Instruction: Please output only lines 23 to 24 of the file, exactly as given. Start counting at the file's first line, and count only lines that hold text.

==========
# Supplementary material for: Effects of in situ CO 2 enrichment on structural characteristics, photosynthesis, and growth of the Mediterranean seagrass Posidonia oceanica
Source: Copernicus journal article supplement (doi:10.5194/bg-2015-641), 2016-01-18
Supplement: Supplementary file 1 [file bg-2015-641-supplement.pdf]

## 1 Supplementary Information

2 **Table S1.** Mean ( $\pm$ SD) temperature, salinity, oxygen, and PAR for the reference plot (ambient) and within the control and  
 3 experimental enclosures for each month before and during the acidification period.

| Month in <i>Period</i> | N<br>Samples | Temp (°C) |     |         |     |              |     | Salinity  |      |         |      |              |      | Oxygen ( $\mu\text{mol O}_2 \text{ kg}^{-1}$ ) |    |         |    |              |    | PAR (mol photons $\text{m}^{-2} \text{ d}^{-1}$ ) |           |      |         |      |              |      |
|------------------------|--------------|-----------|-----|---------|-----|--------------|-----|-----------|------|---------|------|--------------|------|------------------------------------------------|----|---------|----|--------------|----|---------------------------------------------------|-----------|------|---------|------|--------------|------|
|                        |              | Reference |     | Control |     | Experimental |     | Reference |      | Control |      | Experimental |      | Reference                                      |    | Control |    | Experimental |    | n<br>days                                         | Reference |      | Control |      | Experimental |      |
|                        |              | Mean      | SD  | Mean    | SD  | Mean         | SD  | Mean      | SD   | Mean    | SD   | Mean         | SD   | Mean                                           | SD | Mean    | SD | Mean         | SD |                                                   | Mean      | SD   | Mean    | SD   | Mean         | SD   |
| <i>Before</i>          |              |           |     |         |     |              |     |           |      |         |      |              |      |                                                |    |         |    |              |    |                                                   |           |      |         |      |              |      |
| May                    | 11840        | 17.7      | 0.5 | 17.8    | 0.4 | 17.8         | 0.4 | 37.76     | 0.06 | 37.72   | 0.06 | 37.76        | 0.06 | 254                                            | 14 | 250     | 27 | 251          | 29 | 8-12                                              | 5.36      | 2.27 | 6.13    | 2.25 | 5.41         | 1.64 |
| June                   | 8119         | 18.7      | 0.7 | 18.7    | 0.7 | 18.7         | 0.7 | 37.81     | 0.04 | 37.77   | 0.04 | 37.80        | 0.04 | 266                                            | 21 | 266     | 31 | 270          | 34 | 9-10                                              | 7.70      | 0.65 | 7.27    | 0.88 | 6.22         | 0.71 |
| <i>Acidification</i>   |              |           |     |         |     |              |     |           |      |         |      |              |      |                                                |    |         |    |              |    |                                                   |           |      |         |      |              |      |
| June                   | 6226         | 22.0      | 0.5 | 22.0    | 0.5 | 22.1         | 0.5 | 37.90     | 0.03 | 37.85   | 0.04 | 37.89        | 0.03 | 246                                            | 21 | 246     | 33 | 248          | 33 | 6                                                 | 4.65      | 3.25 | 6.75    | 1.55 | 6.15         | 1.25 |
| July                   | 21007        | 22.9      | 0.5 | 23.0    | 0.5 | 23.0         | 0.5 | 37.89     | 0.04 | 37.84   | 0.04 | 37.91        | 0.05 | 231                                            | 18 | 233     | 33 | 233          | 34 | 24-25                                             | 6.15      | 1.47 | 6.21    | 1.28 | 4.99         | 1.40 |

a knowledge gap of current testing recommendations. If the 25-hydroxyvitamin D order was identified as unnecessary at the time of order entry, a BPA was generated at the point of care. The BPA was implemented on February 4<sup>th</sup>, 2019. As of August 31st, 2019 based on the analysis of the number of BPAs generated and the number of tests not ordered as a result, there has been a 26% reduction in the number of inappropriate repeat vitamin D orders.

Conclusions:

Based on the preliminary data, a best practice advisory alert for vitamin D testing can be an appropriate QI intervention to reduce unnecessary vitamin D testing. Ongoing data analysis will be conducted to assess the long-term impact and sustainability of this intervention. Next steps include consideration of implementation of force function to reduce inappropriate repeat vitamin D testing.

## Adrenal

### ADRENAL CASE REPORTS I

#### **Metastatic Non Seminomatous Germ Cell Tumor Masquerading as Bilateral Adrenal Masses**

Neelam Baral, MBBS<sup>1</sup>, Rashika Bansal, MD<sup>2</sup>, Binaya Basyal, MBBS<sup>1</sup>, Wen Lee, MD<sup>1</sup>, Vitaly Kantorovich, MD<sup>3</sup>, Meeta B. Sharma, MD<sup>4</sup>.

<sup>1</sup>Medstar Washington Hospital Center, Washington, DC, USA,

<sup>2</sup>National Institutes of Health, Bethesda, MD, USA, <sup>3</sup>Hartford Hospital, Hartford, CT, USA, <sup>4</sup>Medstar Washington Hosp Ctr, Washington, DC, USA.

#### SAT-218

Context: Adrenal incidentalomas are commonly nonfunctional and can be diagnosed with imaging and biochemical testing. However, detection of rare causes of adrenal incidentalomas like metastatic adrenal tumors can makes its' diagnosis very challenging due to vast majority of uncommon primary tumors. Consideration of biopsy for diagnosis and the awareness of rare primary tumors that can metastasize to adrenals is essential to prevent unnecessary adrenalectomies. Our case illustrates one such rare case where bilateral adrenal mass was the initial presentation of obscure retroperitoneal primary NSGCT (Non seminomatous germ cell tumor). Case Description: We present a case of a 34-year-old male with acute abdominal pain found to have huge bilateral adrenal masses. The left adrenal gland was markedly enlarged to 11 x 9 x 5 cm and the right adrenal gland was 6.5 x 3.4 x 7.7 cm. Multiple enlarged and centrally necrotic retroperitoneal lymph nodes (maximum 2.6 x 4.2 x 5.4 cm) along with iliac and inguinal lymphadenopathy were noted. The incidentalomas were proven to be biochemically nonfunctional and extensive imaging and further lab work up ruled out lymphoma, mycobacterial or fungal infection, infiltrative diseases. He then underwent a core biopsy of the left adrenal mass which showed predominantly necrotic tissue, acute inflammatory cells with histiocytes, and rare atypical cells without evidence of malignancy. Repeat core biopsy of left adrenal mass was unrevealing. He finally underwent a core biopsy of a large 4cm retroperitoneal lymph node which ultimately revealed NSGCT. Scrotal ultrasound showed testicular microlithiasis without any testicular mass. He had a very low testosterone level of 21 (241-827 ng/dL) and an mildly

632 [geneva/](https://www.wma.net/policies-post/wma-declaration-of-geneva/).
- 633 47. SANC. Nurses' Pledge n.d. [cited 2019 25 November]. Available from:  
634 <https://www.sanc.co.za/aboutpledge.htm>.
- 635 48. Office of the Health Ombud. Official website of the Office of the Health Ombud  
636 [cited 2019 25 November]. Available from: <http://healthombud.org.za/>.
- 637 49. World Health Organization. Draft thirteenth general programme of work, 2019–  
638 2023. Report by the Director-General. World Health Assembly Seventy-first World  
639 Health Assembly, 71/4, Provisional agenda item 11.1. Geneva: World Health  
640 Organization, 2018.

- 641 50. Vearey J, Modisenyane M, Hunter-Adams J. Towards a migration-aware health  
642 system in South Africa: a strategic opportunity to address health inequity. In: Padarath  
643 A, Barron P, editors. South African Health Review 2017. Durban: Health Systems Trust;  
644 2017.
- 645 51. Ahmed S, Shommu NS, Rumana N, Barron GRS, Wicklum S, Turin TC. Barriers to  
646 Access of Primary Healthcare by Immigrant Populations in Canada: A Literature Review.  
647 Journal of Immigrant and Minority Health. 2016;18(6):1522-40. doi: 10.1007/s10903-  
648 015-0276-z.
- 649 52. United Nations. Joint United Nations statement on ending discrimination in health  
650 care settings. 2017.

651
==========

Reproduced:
Neelam Baral, MBBS<sup>1</sup>, Rashika Bansal, MD<sup>2</sup>, Binaya Basyal, MBBS<sup>1</sup>, Wen Lee, MD<sup>1</sup>, Vitaly Kantorovich, MD<sup>3</sup>, Meeta B. Sharma, MD<sup>4</sup>.

<sup>1</sup>Medstar Washington Hospital Center, Washington, DC, USA,